David Brooks columns usually break down into four major categories:
1) Making shit up: Patio Man used to go to the salad bar at Applebee's, but in this new economic paradigm, where social leveraging has broken down in the face of what I call the Blooming Onion Paradox, he stayed home and wondered why capital markets, usually so efficient, had failed to meet his needs. The problem, he suspected, actually lay with the inherent limitations of government.
2) Concern trolling: I'm going to keep an eye on President Obama. Every time he has the courage to resist the demands of angry liberal bloggers, or fulfills his promise to negotiate in good faith with Republicans, I'm going to lick my pencil and put a little check in the "plus" column of my ledger.
3) Writing something irrelevant, or indulging one of his pet social theories, because he either has nothing better to do or isn't equipped to tackle a complex issue.
4) Actually making sense.
If I could make a pie chart of how frequently he engages in each of these modes, I would break it down like this:
1) 30 percent of the time 2) 20 percent 3) 25 percent 4) 10 percent 5) The remaining 15 percent would be "other"
Today's column, in which he imagines a worst-case scenario for the outcome of Obama's stimulus and Treasury policies, is sort of a combination of 1 and 3.
Let's quickly run down the errors.
The column begins with a major fallacy:
Between 1990 and 2007, the total mortgage debt held by Americans rose from $2.5 trillion to $10.5 trillion. This rise was part of a societal credit bubble that burst in 2008. To cushion the pain of that collapse, federal authorities decided to replace private debt with public debt.
So he sets up the column by implying that the economic CPR the administration is attempting was made necessary, not by the collapse on Wall Street, but because American homeowners took on too many bad mortgages. While Americans were and remain overextended, that's not the main reason why we're in this mess, and anyone with a brain knows it. If it weren't for the bungling and insane risk-taking on Wall Street, we'd be looking at a recession, not Dust Bowl 2.0.
Then Brooks throws in a quote from de Tocqueville. This is a standard Brooksian tactic: citing a 19th-century scholar to make it seem like he's educated and know what he's talking about. (Does he have a volume of de Tocqueville's collected works on his desk that he opens at random, when the need arises, and selects the first applicable passage he finds? This is how I imagine it.)
In discussing how Obama formulated his plan, Brooks says that "(e)conomists produced models that assumed that government could efficiently spend huge amounts of money, and these models were accepted."
But this misses the point entirely. The question isn't whether the government can allocate money more or less efficiently than private entities. The issue is that private entities are unable or unwilling to spend. In that case, given the circumstances, and regardless of its relative efficiency in allocating capital, the government is forced to spend.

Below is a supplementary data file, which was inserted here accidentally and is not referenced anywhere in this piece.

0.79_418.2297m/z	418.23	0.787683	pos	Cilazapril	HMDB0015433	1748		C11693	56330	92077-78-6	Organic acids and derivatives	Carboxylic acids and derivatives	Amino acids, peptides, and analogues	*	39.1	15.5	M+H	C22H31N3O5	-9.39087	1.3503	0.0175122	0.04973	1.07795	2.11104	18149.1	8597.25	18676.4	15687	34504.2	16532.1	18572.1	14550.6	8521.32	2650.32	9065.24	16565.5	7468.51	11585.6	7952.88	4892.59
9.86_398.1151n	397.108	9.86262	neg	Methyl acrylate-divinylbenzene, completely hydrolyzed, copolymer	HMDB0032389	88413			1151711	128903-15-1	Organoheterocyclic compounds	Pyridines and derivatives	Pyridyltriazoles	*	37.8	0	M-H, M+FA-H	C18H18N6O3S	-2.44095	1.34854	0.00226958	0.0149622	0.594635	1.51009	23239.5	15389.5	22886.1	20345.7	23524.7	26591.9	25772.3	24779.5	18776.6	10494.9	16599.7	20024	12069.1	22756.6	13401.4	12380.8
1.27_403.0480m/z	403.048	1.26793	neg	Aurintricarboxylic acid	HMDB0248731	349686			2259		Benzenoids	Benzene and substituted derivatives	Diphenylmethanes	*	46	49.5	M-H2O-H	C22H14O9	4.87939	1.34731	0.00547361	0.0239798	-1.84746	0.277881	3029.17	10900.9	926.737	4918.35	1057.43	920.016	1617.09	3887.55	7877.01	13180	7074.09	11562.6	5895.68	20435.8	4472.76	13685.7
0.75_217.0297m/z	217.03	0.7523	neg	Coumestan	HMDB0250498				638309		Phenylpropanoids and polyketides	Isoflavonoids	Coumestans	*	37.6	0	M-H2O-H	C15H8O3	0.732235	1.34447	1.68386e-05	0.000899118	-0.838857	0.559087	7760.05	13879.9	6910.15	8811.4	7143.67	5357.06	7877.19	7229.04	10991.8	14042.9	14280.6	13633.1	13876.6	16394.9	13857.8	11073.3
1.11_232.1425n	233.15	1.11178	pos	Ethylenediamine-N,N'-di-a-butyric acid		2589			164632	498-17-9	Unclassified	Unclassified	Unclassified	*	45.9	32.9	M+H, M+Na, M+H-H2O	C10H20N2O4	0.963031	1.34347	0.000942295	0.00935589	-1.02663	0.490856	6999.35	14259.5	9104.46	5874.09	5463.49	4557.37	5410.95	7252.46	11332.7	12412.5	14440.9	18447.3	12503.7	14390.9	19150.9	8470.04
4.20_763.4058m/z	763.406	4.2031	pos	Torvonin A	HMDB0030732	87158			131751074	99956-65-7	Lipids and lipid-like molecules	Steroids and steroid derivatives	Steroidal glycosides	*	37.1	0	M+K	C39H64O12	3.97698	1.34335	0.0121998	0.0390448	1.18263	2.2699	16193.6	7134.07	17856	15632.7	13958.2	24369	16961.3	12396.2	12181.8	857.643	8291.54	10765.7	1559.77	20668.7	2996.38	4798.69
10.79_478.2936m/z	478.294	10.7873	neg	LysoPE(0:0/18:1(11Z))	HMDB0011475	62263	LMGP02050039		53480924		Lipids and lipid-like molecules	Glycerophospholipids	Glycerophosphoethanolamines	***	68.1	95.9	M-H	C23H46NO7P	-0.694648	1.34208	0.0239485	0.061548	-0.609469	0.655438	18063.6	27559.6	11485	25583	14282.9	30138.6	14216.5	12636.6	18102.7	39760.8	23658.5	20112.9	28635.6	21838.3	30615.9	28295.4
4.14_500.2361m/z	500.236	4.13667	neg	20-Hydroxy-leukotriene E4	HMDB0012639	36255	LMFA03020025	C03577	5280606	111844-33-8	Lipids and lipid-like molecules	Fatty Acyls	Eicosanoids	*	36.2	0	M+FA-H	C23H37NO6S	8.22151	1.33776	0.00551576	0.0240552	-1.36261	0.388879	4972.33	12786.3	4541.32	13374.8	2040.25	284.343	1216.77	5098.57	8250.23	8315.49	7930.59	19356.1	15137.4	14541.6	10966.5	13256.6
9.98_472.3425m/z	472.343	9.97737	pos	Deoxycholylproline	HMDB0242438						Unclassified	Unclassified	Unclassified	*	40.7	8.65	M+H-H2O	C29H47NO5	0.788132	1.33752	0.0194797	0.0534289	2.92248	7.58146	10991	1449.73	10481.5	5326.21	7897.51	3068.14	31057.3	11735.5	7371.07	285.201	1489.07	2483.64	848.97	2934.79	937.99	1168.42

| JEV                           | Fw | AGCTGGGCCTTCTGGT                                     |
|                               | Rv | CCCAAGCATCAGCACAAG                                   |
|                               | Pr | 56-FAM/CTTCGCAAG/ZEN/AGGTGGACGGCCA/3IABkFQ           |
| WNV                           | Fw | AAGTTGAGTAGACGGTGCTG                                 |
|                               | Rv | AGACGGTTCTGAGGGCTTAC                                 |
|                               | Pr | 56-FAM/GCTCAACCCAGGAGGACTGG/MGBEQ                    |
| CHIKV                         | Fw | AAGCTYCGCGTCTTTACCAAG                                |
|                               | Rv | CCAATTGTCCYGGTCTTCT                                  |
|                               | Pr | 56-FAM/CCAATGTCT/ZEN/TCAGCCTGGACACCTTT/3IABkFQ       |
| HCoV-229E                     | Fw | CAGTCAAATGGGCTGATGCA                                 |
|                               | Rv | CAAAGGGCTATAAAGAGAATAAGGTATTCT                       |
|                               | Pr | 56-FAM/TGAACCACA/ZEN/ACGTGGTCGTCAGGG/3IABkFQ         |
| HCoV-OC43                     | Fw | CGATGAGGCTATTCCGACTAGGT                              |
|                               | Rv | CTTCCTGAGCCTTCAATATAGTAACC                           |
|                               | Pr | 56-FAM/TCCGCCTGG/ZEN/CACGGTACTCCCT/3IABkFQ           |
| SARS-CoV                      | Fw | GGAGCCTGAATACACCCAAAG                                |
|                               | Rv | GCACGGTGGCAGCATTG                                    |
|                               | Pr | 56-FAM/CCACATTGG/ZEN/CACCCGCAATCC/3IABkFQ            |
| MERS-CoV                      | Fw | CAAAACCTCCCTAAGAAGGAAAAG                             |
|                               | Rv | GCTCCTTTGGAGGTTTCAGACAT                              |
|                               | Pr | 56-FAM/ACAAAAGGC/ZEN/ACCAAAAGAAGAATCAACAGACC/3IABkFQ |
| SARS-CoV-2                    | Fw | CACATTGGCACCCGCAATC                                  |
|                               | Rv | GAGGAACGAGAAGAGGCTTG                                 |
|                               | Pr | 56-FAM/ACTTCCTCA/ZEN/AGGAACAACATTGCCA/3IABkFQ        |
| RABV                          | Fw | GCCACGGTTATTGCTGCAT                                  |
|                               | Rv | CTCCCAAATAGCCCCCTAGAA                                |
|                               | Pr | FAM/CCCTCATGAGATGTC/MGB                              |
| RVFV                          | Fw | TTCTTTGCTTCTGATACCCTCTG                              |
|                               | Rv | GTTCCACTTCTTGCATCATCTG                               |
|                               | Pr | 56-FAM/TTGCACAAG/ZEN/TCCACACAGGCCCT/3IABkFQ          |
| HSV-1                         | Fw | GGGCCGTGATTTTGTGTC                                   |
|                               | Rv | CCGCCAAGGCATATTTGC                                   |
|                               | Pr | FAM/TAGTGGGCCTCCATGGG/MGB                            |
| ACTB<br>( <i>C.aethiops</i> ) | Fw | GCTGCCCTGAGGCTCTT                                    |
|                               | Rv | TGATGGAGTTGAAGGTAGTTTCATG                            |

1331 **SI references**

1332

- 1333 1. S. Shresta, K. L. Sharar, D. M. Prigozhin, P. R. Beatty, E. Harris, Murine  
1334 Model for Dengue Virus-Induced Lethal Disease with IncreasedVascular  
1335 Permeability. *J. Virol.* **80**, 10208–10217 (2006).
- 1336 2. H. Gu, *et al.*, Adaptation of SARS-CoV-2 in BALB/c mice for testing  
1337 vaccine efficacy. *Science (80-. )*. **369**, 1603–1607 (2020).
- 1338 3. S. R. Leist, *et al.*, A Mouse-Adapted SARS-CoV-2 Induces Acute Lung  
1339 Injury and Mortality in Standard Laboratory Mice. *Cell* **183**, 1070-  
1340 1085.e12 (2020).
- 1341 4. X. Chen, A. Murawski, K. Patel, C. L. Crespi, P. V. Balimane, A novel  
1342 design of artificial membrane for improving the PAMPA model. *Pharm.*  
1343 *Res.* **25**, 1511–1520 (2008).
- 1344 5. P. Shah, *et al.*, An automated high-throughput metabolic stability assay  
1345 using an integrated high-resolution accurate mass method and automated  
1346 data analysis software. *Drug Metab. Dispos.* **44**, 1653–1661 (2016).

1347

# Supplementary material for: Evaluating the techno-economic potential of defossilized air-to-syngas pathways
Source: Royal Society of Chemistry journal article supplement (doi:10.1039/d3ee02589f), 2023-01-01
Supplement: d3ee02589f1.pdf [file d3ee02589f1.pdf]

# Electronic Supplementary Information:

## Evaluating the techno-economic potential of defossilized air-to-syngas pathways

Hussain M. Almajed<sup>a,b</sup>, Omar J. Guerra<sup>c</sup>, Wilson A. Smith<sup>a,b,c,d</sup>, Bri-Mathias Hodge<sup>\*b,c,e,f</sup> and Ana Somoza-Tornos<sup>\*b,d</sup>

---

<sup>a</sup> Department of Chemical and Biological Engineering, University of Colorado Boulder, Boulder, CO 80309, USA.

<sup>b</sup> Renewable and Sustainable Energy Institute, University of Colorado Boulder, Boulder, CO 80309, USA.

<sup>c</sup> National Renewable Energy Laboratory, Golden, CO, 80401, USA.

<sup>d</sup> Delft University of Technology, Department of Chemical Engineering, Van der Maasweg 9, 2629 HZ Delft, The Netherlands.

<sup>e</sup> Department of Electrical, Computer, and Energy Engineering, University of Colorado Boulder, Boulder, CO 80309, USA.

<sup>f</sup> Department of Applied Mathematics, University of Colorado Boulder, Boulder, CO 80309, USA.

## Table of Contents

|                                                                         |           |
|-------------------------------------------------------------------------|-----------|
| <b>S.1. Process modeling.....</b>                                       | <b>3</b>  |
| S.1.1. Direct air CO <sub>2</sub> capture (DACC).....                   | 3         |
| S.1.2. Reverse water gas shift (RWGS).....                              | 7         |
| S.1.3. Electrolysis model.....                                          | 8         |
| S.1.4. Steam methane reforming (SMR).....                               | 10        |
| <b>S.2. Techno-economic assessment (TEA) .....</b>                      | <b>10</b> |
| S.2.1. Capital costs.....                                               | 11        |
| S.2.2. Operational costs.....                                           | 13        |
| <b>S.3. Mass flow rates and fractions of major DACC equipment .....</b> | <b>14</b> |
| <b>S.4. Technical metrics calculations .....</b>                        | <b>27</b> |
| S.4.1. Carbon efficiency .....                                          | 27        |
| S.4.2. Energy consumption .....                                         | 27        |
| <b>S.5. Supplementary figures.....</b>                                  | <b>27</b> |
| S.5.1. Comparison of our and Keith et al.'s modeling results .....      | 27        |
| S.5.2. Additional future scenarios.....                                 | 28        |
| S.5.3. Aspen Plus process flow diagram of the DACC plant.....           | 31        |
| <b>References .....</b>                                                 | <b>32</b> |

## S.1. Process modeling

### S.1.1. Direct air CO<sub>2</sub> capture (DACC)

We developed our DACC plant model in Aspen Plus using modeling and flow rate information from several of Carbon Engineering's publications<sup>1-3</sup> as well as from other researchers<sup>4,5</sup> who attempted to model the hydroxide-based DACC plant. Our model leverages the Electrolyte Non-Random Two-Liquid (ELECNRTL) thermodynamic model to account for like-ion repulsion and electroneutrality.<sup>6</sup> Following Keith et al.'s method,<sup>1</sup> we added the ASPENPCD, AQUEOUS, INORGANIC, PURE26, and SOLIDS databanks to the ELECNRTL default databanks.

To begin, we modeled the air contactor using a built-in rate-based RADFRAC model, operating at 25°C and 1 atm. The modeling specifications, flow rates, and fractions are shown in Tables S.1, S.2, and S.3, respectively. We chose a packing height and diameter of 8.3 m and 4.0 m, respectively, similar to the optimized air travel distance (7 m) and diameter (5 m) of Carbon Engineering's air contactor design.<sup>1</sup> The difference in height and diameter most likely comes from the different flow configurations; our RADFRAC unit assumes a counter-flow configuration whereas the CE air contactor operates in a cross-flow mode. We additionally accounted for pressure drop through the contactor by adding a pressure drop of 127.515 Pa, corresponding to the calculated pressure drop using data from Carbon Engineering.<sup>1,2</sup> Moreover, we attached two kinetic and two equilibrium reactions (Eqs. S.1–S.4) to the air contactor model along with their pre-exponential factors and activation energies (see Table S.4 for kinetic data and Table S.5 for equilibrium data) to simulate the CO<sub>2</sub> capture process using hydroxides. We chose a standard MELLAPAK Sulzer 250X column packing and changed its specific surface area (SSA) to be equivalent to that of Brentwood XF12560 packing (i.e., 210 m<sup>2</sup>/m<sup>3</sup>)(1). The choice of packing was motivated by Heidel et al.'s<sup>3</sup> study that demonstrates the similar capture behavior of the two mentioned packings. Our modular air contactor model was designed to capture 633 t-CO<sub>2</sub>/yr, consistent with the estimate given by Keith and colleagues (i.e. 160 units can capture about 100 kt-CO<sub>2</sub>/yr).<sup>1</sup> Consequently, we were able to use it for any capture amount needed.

Then he makes up an unnecessary term for how Obama and congressional Democrats, in Brooks' vision of the future, came up with economic policy: "Split Level Technocratic Liberalism."
Onward, to the best part of the column, where Brooks analyzes how, despite the administration's efforts, consumers remained pessimistic:
Cognitive scientists distinguish between normal risk-assessment decisions, which activate the reward-prediction regions of the brain, and decisions made amid extreme uncertainty, which generate activity in the amygdala.
The amygdala! Of course. I should have known the nation's ills would all come down to the amygdala.
I don't have time to look this up, but I'm willing to bet that Brooks has this wrong, simply because the smart money is always on Brooks making something up or, in an attempt to pass himself off as a professor of sociology, mangling or misrepresenting a scientific subject. That's just how the Brookster do's it, baby!
The horrifying rise of the American amygdala has severe consequences, Brooks continues. For instance, Obama won't be able to destroy Social Security "tackle entitlement debt." Gee, that's too bad.
And then he ends the column with perhaps the dullest kicker I've ever seen:
The nation had essentially bet its future on economic models with primitive views of human behavior. The government had tried to change social psychology using the equivalent of leeches and bleeding. Rather than blame themselves, Americans directed their anger toward policy makers and experts who based estimates of human psychology on mathematical equations.
Whoo! That's top-shelf columnisting. Thank you, David, for this sterling contribution to the discussion.